All the numerical results reported below are related to \({\varOmega }= (0,1)^3\). On Table 10 we have reported the variations with respect to h of the \(L^2({\varOmega })\) and \(H^1({\varOmega })\) norms of the computed approximation error \(\psi _h  \psi \), for \(\psi \) defined by \(\psi (x,y,z) =e^{\frac{1}{2}(x^2 + y^2 + z^2)}\) and \(\psi (x,y,z) =\frac{1}{2}\left( x^2+5y^2+15z^2 \right) \), the related convergence orders, and the number of relaxation iterations necessary to achieve convergence. The local optimization problems are solved using the Newton method described in Sect. 4.2. As expected, nearly optimal orders of convergence are obtained for both the \(L^2({\varOmega })\) and \(H^1({\varOmega })\) norms of the computed approximation error. Both solutions exhibit comparable orders of convergence, however, the larger anisotropy of the second one implies a larger number of iterations for the relaxation algorithm to achieve its convergence. Approximation errors and iteration numbers are consistent with those reported in Sect. 7.2 for the same test problems.
(i) Variations with respect to h of the \(L^2({\varOmega })\) and \(H^1({\varOmega })\) norms of the computed approximation error \(\psi _h  \psi \), with \(\psi (x,y,z) = \sqrt{R^2  (x^2 + y^2 + z^2)}\) with \(R=\sqrt{6}\); related convergence orders. (ii) Variations with respect to h of the number of relaxation iterations necessary to achieve convergence
h  \(\psi _h\psi _{L_2}\)  \(\psi _h\psi _{H_1}\)  \({\mathbf {D}}^2_h\psi _h^{n}{\mathbf {D}}^2\psi _{L_2}\)  Iter.  

1/10  1.63e−03  2.24e−02  –  8.18e−03  –  22  
1/20  4.49e−04  1.85  1.06e−02  1.07  2.95e−03  1.47  18 
1/30  2.06e−04  1.91  6.94e−03  1.05  1.62e−03  1.48  16 
1/40  1.18e−04  1.94  5.14e−03  1.03  1.05e−03  1.48  15 
1/50  7.65e−05  1.94  4.09e−03  1.03  7.55e−04  1.49  15 
(i) Variations with respect to h of the \(L^2({\varOmega })\) and \(H^1({\varOmega })\) norms of the computed approximation error \(\psi _h  \psi \), with \(\psi (x,y,z) = \sqrt{R^2  (x^2 + y^2 + z^2)}\) with \(R=\sqrt{3}\); related convergence orders. (ii) Variations with respect to h of the number of relaxation iterations necessary to achieve convergence
h  \(\psi _h\psi _{L_2}\)  \(\psi _h\psi _{H_1}\)  \({\mathbf {D}}^2_h\psi _h^{n}{\mathbf {D}}^2\psi _{L_2}\)  Iter.  

1/10  3.06e−03  4.70e−02  –  2.71e−01  35  
1/20  8.66e−04  1.82  2.30e−02  1.02  2.59e−01  34 
1/30  4.00e−04  1.90  1.53e−02  1.01  2.55e−01  31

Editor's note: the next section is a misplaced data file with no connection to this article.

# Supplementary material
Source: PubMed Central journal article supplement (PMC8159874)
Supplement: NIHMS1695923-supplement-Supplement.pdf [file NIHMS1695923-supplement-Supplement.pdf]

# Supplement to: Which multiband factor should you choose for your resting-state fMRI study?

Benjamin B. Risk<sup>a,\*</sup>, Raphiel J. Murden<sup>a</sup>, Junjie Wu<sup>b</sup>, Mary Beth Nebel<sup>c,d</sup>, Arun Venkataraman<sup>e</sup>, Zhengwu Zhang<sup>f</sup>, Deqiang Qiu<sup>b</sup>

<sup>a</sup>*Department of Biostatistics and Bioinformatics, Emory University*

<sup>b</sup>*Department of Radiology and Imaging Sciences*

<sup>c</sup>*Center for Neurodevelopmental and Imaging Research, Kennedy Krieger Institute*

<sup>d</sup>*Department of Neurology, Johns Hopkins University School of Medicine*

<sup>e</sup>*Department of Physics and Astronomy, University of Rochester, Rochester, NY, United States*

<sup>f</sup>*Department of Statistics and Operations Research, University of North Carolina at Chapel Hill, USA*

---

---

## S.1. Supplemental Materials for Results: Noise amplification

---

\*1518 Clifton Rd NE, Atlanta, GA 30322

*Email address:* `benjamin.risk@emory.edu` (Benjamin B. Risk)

1/40  2.29e−04  1.93  1.14e−02  1.00  2.55e−01  30 
The numerical results we have just reported show that, as long as accuracy and number of iterations are concerned, \({\mathbb {Q}}_1\) based finite element approximations of problem (1) compared well with \({\mathbb {P}}_1\) based ones if \({\varOmega }\) is a cube and uniform structured partitions of \({\varOmega }\) are used to define the finite element spaces. However the \({\mathbb {P}}_1\) based methods can easily handle domains \({\varOmega }\) of arbitrary shapes and unstructured finite element partitions, properties that the \({\mathbb {Q}}_1\) based methods do not share.
9 Further Comments and Conclusions
In this article, we have discussed a leastsquares/relaxation/mixed finite element methodology for the numerical solution of the Dirichlet problem for the threedimensional elliptic Monge–Ampère equation \(\det {\mathbf {D}}^2 \psi = f (>0)\) in \({\varOmega }\). The results reported in Sects. 7 and 8 show the robustness and flexibility of this methodology and its ability at approximating smooth convex solutions (if such solutions do exist) with nearly optimal orders of accuracy for the \(L^2({\varOmega })\) and \(H^1({\varOmega })\) norms of the approximation error \(\psi _h  \psi \). To the best of our knowledge, the above methodology is one of the very few which can solve, with nearly optimal orders of accuracy, the threedimensional Monge–Ampère equation on domains \({\varOmega }\) with curved boundaries using \({\mathbb {P}}_1\) based finite element approximations.
Notes
Acknowledgements
The authors thank Prof. Marco Picasso (EPFL), the participants of the SCPDE 2017 conference (Hong Kong, June 5–8, 2017) for fruitful discussions, and the anonymous referees for their constructive comments.